“Brother, are you sitting down?” asks Chef Nino Thibodaux when told that this issue would feature pastalaya, and when asked for his recipe, he exclaims: “I have cooked this pastalaya for tens of thousands of people all across the Gulf Coast. Look here: tens of thousands!” Thibodaux is a chef for Rouses Markets. He explains that pastalaya has a long and rich New Orleans history, going back to the large influx of Sicilian immigrants between 1890 and 1900. “When they came, it changed the language in the streets of New Orleans from French to Italian. Those immigrants intermarried with the French — and so did their recipes.”
His pastalaya, he says, uses bowtie pasta and oregano, along with Rouses andouille sausage and its all-natural chicken. (“There’s no antibiotics, no growth hormones, they’re cage free — brother, it makes all the difference in the flavor.”) His pastalaya recipe is roux-based, with an intense Cajun flavor that soaks into that pasta. “You’ve got Italian, Cajun — a harmony of two nations in your mouth at once — and it’s delightfully different. A pleasant change from what you might be used to.”
You have probably met the chef before at his popular cooking classes held at Rouses locations across the South. The classes were an outgrowth of a culinary and language school Thibodaux founded called Friends of Italy. “I started these in-home, private cooking parties where I would turn people’s homes into my Italian restaurant and classroom, with wine and fun and laughter.” The classes quickly grew in fame, and 13 years ago, Donald Rouse thought they would be a great addition to his family’s stores. Their shelves were loaded with groceries from across the country and around the world, and the idea was to teach customers what they could do with them.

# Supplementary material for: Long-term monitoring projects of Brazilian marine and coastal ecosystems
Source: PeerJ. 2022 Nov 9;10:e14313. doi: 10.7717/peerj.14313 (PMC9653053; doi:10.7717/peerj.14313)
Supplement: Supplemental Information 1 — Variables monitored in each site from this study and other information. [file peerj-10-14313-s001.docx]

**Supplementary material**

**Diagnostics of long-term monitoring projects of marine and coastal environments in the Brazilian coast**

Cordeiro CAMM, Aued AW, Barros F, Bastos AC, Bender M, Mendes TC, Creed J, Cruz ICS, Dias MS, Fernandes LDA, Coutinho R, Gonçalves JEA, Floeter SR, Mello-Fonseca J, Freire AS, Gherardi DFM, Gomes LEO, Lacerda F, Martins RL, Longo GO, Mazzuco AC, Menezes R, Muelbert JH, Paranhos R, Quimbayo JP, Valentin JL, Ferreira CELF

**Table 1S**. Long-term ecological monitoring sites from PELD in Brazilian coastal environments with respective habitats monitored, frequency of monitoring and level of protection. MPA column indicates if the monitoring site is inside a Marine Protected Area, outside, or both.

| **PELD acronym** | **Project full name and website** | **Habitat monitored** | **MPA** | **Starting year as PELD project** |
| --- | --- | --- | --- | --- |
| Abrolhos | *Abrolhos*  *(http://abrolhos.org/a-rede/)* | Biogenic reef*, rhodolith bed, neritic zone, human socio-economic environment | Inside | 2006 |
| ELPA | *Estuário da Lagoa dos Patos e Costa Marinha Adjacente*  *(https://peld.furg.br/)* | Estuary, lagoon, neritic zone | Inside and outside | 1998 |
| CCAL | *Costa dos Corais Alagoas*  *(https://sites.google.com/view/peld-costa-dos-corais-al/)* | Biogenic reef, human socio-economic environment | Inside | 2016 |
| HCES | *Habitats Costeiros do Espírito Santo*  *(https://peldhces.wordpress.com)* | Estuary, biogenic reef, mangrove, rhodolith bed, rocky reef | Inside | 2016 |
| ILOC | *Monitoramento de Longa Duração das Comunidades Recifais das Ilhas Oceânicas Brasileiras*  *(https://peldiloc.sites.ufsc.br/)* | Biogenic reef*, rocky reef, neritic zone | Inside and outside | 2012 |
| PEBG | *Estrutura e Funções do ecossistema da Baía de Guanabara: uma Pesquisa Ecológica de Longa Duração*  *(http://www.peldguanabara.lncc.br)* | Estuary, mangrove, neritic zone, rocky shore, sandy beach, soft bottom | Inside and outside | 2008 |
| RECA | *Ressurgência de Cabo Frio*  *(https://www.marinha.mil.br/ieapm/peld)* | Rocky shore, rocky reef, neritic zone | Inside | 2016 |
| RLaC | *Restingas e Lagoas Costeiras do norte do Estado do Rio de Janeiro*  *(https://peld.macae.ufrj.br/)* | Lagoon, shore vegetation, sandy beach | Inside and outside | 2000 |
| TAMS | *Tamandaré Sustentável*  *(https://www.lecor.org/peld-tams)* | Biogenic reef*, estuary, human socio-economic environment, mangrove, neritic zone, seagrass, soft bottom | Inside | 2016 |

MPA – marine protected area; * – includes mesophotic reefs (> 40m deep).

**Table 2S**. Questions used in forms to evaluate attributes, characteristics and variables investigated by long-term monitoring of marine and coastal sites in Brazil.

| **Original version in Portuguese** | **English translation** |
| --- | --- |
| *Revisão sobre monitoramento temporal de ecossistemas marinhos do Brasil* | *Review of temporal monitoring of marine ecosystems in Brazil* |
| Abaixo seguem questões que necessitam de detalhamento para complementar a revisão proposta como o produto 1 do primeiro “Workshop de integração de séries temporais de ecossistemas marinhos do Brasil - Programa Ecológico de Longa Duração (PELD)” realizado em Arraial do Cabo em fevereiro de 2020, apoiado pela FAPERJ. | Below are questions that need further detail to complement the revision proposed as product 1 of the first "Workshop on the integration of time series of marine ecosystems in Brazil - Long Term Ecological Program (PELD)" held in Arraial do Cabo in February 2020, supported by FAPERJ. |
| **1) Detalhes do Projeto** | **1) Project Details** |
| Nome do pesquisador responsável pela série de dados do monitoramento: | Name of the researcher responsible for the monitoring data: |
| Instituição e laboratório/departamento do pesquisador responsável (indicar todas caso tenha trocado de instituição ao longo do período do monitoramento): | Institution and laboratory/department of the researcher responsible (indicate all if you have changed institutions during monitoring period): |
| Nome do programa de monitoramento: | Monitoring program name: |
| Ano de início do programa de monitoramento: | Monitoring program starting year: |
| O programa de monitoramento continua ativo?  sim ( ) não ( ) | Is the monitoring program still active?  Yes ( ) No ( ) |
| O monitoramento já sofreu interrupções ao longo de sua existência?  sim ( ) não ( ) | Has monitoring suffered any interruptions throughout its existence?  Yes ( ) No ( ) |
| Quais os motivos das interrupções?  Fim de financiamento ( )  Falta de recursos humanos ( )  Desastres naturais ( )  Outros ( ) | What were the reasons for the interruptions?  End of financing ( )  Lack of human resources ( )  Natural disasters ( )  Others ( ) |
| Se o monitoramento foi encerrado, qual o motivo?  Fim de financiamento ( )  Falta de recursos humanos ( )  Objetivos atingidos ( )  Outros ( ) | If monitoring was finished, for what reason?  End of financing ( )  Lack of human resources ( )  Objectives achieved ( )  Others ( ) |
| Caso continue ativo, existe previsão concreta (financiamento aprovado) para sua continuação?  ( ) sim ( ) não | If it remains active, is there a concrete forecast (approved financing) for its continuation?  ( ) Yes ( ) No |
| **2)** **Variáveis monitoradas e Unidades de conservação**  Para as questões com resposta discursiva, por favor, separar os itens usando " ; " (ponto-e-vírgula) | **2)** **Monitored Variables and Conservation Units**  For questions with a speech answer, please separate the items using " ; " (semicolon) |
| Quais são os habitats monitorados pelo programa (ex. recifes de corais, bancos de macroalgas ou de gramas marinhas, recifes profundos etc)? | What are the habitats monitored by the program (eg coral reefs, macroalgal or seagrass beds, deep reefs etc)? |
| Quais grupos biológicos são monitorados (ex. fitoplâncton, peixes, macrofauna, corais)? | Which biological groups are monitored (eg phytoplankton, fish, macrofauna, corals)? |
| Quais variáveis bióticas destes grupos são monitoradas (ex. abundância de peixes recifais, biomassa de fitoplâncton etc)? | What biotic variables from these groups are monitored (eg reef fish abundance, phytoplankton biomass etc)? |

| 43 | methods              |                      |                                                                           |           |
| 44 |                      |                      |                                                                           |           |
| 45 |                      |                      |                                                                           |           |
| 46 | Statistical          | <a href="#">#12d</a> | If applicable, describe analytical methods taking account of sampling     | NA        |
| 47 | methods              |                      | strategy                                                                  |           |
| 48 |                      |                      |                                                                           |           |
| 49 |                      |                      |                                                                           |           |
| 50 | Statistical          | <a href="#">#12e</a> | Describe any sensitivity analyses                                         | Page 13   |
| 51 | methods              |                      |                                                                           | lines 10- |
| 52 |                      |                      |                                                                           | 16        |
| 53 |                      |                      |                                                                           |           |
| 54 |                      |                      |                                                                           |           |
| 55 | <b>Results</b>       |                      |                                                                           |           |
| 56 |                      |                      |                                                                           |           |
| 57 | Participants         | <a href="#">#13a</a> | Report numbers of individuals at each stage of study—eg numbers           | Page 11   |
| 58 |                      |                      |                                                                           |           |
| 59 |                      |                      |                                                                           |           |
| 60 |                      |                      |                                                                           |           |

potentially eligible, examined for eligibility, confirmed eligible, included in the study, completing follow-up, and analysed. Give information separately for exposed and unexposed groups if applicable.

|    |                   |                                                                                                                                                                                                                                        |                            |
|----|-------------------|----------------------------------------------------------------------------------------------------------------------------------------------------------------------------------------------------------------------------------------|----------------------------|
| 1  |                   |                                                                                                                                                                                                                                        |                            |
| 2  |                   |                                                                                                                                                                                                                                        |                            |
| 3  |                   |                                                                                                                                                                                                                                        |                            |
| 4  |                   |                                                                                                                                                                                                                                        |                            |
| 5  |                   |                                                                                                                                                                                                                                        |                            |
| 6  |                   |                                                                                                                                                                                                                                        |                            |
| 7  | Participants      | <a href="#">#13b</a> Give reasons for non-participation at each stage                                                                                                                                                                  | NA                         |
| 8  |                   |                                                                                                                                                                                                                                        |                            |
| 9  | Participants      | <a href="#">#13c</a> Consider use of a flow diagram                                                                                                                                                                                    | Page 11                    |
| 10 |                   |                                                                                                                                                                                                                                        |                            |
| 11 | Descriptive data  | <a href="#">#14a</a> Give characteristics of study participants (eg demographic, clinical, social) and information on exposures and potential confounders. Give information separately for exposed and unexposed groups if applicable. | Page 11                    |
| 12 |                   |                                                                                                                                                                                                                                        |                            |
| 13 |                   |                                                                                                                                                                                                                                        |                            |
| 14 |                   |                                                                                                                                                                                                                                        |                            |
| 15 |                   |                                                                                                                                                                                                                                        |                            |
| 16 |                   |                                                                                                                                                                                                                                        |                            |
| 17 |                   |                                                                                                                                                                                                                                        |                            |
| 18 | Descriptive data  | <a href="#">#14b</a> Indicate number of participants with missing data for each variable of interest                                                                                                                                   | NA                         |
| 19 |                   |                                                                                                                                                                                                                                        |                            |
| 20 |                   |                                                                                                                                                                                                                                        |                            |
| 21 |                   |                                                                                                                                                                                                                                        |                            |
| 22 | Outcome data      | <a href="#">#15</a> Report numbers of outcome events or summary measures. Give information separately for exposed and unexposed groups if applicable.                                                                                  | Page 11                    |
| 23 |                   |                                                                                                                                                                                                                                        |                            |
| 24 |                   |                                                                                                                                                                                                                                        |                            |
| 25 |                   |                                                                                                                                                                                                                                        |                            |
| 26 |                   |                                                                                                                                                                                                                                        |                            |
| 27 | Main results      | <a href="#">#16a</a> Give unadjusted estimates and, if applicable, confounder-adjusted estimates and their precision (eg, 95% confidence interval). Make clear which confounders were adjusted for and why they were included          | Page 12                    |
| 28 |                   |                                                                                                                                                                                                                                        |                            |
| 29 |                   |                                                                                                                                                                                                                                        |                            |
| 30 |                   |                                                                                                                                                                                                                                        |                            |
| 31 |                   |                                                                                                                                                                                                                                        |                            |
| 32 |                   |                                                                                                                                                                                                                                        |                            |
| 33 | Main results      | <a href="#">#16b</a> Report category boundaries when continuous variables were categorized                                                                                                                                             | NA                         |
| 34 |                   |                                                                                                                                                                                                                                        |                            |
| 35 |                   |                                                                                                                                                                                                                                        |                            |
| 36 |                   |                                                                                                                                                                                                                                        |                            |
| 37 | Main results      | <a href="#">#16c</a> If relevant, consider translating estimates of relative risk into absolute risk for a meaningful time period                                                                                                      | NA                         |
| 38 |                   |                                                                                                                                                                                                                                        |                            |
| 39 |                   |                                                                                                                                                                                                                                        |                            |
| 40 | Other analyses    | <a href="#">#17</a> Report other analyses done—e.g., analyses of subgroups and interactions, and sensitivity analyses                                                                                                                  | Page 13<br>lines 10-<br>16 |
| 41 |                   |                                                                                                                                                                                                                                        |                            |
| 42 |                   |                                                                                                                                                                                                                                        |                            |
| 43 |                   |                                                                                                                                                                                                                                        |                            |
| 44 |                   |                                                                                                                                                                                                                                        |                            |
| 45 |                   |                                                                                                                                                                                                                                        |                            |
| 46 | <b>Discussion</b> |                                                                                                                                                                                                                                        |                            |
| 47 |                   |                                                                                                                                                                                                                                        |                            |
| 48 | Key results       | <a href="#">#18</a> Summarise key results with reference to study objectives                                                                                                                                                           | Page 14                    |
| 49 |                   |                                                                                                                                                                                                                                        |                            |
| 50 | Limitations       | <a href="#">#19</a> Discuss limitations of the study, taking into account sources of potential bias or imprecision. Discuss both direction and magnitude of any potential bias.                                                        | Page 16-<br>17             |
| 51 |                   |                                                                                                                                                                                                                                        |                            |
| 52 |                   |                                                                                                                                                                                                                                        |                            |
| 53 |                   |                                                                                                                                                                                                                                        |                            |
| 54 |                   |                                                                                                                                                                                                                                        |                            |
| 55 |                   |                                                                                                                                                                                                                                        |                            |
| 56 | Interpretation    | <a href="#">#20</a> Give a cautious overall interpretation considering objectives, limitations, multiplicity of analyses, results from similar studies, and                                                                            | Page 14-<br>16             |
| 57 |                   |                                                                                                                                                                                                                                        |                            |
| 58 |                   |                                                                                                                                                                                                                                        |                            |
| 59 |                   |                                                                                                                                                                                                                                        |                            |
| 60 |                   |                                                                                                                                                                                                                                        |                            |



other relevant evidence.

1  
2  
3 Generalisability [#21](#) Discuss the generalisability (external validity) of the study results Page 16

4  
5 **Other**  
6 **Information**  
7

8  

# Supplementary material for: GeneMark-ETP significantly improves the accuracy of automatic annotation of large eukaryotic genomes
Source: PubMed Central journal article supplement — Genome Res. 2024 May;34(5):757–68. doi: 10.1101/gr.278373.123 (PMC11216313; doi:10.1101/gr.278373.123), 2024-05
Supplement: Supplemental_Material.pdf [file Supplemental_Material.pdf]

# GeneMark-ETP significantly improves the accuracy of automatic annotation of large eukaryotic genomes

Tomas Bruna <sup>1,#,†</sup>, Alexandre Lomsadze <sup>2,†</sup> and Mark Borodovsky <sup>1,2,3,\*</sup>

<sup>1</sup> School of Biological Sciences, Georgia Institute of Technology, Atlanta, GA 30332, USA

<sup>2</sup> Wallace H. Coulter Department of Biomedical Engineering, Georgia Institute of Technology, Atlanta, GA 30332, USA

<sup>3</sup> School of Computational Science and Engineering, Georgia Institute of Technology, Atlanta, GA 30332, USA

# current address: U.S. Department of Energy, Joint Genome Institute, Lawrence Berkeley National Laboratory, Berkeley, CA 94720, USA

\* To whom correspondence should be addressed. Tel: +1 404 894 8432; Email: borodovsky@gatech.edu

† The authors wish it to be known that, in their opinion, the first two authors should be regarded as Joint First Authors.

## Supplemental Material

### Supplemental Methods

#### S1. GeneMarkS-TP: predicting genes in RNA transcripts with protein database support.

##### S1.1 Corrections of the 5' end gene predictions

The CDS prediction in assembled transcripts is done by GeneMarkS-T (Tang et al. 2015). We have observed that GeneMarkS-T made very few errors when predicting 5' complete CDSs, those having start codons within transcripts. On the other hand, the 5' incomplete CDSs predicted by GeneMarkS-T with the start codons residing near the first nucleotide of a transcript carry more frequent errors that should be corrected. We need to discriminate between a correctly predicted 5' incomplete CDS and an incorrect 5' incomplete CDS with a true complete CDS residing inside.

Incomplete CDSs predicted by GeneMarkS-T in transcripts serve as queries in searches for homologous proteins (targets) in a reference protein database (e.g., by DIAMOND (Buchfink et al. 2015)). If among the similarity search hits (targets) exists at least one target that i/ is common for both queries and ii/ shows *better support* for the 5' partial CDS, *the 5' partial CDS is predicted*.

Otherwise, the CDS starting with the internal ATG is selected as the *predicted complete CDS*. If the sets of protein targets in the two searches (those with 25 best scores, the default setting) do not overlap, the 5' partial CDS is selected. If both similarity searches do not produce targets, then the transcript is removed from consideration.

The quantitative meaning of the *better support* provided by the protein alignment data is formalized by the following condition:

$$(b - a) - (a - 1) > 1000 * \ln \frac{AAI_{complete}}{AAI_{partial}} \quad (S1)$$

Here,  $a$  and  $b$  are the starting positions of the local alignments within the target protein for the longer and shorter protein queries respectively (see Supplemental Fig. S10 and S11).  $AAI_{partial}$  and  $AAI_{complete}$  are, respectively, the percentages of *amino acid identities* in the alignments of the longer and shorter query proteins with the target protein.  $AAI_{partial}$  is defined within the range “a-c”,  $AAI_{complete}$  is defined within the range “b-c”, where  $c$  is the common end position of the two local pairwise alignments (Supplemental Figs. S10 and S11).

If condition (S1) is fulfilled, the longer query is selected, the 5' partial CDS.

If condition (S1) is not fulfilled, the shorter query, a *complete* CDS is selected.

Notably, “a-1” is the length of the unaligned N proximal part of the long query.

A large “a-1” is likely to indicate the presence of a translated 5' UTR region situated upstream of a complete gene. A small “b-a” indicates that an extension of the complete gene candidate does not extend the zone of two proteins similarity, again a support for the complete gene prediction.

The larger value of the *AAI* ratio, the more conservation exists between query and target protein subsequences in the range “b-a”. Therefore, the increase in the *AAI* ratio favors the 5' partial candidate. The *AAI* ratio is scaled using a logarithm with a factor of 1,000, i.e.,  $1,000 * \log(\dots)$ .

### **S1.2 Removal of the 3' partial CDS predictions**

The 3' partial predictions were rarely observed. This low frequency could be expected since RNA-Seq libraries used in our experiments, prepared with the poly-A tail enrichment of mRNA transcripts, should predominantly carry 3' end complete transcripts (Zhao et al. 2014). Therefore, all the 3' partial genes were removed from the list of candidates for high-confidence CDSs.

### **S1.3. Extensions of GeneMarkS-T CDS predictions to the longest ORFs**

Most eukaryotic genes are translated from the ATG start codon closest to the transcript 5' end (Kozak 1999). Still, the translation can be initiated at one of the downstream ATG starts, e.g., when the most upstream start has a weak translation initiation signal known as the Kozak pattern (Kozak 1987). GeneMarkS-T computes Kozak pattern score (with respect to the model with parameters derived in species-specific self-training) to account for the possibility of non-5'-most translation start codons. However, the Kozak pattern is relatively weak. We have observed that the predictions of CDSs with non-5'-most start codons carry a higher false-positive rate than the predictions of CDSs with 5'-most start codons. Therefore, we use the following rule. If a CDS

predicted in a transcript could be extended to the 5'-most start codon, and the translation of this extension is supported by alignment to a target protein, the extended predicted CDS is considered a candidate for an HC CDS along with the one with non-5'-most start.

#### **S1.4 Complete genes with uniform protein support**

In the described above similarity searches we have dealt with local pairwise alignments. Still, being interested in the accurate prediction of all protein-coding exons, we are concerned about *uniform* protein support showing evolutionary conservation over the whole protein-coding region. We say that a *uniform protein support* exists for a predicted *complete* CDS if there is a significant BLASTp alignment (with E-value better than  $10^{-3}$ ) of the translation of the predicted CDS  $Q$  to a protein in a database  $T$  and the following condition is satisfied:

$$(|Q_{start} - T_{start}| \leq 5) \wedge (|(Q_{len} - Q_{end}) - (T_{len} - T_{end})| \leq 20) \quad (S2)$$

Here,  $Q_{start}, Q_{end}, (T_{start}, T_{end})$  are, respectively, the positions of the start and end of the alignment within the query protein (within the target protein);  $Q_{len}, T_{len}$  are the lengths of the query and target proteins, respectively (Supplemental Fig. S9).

“When Rouses brings something from another country to sell, it is the finest item from that country,” says Thibodaux. “They know, more than ever, that their customers are world travelers and bring a great knowledge of global products. So the Rouse family personally goes to other countries and handpicks only products that meet a high flavor and quality criteria.”
For his first class, Thibodaux introduced a first cold pressed olive oil and Parmigiano-Reggiano cheese, and taught students how to make an alfredo sauce and a scampi. He taught the class in the Rouses deli area with a portable stove — and it was a hit. “I’ve averaged about 12 classes a month for the last 13 years for Rouses,” he says. Each class has a theme, such as sauces or entrées or pasta, and each with a name like “Pastabilities!” or “Entréepreneur.” Regular attendees over time develop a well-rounded culinary education and learn to be adventurous in their shopping — to reach for items on the shelf they might ordinarily feel too intimidated to try.
Thibodaux, who was born in Franklin, Louisiana, first encountered authentic Italian cuisine when he was a young man in the U.S. Air Force. During the late 1970s and early ’80s, he was an F-15 mechanic stationed in Germany, and his unit did regular joint exercises with NATO forces. The training was conducted from the island of Sardinia. “When the aircraft had problems, they would fly mechanics to the island,” he says. “The problem was, you had to stay there for a month before a passenger plane would come get you. Brother, I was a 19-year-old Cajun boy with a pocket full of money, stuck on an Italian island in the sun, eating their amazing food.”